Without advanced collaboration technology these assets are just working alone- panning for gold, isolated in shallow streams of knowledge- while the competition is constructing a mine and digging gold out from underneath you.
Although you might find it uncomfortable to take this tact (I certainly did at first), you've got to get people's attention before they'll even bother to take interest in your solution, let alone make a decision about buying it.
Tell a story, connect over some common experience, or discuss how current events & trends are impacting their business (and what you can do to help).
Paint a vision that gets them excited, requires their involvement, and matters to their business to overcome sales objections.
Objection Handling Step #2: Turn Logical Doubt into Acceptance (...and rationalize with logic...)
Second, once they are emotionally on board, you've got to convince their rational minds that your solution makes good business sense. This is about the client allowing you to educate them about your solution. They will be asking themselves:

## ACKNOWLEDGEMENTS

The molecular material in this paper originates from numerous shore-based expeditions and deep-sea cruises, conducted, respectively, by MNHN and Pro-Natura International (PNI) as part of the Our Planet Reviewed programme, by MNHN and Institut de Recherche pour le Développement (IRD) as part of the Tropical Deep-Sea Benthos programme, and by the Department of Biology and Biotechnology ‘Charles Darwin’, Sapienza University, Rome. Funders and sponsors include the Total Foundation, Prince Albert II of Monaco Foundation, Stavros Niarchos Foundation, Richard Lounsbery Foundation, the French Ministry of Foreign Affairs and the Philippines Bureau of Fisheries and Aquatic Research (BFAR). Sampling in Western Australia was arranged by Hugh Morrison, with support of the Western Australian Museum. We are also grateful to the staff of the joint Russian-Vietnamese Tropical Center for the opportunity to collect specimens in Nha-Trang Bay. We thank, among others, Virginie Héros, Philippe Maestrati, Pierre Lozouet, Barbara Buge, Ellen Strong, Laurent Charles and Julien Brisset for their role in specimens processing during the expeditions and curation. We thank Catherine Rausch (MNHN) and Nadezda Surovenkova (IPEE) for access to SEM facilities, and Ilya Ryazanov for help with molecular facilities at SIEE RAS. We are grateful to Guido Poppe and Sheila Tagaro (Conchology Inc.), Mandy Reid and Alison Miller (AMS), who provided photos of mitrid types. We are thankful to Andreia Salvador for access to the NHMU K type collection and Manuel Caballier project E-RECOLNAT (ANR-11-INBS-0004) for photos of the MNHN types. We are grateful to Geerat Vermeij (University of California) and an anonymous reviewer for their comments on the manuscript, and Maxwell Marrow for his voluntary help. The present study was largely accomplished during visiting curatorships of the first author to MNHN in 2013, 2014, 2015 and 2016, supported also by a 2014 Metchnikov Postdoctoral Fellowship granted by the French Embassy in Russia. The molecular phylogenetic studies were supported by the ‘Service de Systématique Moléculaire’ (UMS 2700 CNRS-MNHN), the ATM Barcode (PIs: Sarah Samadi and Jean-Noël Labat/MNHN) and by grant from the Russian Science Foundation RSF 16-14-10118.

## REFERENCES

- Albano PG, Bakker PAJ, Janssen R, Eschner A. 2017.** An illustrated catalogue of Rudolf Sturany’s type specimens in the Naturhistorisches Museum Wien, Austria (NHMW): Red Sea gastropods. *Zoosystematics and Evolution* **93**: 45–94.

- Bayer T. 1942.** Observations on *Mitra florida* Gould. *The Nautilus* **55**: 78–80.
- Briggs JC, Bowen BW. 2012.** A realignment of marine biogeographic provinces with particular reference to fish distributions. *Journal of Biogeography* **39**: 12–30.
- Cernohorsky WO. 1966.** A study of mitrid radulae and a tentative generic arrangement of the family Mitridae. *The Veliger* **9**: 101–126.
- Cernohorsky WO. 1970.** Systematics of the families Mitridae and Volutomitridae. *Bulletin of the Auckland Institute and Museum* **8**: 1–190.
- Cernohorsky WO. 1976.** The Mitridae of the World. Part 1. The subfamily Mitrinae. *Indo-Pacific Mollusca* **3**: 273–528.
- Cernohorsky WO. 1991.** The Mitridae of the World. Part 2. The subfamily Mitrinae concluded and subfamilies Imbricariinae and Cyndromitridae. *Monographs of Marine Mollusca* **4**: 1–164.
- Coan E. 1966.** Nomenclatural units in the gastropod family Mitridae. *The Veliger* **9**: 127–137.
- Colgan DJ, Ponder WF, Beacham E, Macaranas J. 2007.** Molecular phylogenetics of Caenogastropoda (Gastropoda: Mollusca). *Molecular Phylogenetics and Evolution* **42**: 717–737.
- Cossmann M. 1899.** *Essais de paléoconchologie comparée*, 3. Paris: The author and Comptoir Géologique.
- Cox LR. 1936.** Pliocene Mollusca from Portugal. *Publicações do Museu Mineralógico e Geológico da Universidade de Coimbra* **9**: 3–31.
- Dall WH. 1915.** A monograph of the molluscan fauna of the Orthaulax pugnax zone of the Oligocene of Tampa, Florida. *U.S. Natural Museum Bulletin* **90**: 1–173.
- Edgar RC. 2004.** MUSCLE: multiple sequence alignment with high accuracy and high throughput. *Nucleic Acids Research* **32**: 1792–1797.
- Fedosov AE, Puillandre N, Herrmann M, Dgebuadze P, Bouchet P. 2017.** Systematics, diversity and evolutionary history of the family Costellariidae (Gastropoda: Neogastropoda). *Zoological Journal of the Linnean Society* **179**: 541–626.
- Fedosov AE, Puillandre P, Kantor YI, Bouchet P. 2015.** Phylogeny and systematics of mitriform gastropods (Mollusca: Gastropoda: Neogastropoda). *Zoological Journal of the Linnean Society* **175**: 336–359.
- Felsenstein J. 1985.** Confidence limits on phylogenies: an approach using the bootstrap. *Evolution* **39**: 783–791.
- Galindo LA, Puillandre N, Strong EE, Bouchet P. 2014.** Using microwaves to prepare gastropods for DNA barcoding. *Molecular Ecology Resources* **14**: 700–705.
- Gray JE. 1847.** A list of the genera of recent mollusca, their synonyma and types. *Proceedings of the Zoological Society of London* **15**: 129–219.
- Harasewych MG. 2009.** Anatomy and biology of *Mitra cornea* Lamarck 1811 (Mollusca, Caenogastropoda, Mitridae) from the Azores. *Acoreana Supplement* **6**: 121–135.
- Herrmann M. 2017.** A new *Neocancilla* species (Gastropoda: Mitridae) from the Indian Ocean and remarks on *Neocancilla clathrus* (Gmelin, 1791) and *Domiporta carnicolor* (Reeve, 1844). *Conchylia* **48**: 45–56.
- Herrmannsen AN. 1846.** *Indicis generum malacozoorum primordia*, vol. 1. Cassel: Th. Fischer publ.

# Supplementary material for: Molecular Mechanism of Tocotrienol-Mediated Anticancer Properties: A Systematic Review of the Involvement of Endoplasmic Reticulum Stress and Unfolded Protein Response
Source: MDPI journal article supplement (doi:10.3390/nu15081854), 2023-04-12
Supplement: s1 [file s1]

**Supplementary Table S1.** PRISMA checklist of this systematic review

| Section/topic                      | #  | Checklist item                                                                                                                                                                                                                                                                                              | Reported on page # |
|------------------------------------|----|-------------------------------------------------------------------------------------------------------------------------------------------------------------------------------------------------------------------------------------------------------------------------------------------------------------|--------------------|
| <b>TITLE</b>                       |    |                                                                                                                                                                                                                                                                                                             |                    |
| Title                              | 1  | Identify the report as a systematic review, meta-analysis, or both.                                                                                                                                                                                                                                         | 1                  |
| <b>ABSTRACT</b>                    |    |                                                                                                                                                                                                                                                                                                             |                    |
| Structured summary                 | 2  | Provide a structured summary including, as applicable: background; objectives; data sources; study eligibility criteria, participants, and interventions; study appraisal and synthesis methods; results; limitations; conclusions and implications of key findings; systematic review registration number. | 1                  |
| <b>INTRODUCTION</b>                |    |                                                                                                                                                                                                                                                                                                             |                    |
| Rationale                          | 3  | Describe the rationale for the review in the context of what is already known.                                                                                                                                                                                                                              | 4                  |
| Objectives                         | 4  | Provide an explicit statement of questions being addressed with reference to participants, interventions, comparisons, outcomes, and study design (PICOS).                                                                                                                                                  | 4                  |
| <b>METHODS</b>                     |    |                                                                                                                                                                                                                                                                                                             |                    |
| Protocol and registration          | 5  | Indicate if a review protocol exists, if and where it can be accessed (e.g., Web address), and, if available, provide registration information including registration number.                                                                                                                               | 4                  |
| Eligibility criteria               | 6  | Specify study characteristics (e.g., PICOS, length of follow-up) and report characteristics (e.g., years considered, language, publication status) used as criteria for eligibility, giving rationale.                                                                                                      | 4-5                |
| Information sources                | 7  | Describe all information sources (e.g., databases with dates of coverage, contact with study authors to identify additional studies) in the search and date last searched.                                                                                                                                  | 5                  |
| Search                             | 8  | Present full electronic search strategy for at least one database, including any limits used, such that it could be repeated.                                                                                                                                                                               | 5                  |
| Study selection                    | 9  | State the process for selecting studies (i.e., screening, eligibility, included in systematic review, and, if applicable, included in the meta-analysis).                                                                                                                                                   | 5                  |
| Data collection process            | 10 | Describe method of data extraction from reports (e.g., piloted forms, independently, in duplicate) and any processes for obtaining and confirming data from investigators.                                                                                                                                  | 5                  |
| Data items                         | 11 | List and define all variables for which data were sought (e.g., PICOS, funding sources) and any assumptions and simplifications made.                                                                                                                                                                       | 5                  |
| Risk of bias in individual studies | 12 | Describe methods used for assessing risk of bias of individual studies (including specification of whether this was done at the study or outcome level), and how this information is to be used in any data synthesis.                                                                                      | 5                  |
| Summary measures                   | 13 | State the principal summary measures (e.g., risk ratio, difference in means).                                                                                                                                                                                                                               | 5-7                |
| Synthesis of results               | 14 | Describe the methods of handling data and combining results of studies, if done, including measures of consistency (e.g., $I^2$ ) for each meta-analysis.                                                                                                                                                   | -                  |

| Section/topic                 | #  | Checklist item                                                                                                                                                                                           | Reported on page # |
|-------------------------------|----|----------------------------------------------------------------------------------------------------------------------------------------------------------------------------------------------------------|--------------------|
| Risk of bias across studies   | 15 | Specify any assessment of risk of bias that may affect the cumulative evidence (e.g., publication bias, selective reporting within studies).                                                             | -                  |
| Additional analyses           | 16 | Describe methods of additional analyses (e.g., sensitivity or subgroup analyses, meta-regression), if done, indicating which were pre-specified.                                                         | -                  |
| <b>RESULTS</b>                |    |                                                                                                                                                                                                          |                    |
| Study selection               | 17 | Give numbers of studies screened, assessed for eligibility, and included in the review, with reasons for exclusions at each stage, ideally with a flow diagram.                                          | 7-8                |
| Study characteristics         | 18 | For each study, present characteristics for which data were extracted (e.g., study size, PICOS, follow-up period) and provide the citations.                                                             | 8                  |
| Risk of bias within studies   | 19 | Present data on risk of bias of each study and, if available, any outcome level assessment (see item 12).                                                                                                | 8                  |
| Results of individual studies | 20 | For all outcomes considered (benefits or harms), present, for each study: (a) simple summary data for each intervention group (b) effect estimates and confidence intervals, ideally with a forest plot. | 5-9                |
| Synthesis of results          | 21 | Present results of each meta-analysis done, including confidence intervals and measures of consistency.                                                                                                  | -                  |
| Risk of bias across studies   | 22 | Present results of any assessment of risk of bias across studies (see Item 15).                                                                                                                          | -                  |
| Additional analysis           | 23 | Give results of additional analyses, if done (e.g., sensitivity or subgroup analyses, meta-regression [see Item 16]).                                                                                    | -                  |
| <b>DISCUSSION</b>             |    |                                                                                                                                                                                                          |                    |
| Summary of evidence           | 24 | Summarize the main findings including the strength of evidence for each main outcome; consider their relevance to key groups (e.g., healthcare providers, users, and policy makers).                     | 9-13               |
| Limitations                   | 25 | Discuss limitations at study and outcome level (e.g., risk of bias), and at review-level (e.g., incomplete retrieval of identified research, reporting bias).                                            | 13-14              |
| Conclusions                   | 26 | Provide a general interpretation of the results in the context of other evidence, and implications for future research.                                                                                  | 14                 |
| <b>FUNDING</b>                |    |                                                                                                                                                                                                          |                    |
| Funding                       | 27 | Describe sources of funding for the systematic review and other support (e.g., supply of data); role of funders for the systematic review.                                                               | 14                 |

- Do I understand how the proposed solution will generate value?
- Are the problems it proposes to solve important to our business?
- Is this solution the best answer to these problems?
Put your the pre-sales technical and business consulting resources to good use answering these questions.
If you can bring in proprietary methods for value definition that your competitors can't match, so much the better. Read the Provable Value articles for ideas.
Objection Handling Step #3: Turn Political Doubt into Acceptance (...to withstand political scrutiny.)
Third, once you've got your champions heading the right way, you've got to help them jump their internal hurdles. This is about the client deciding that your solution is the right one.
- What they're wondering most of all is:
- Will this solution help me succeed?
- Can I get the relevant stakeholders to agree? What competing agendas exist?
- Is this the right vendor to do business with?
You'll want to bring in the big guns now: client visits, reference accounts, case studies, and success stories.
The fewer of these you have at your disposal, the more likely that you'll be forced to discount your price in order overcome sales objections and reduce the client's risk on the solution (and your untried company).
Repeat as Necessary
Realize that every new person brought into the decision process will also go through all three levels of acceptance, so the clearer your value proposition, the easier your champions can sell internally for you, and the less objection handling you'll have to do.
Hit all three levels of client acceptance with everyone you meet and your products will fly off the virtual shelves.
Have you ever run into sales objections from one of the "three doubts" in your accounts? Where did your techniques break down? What would you accomplish if you resolved the client's doubts?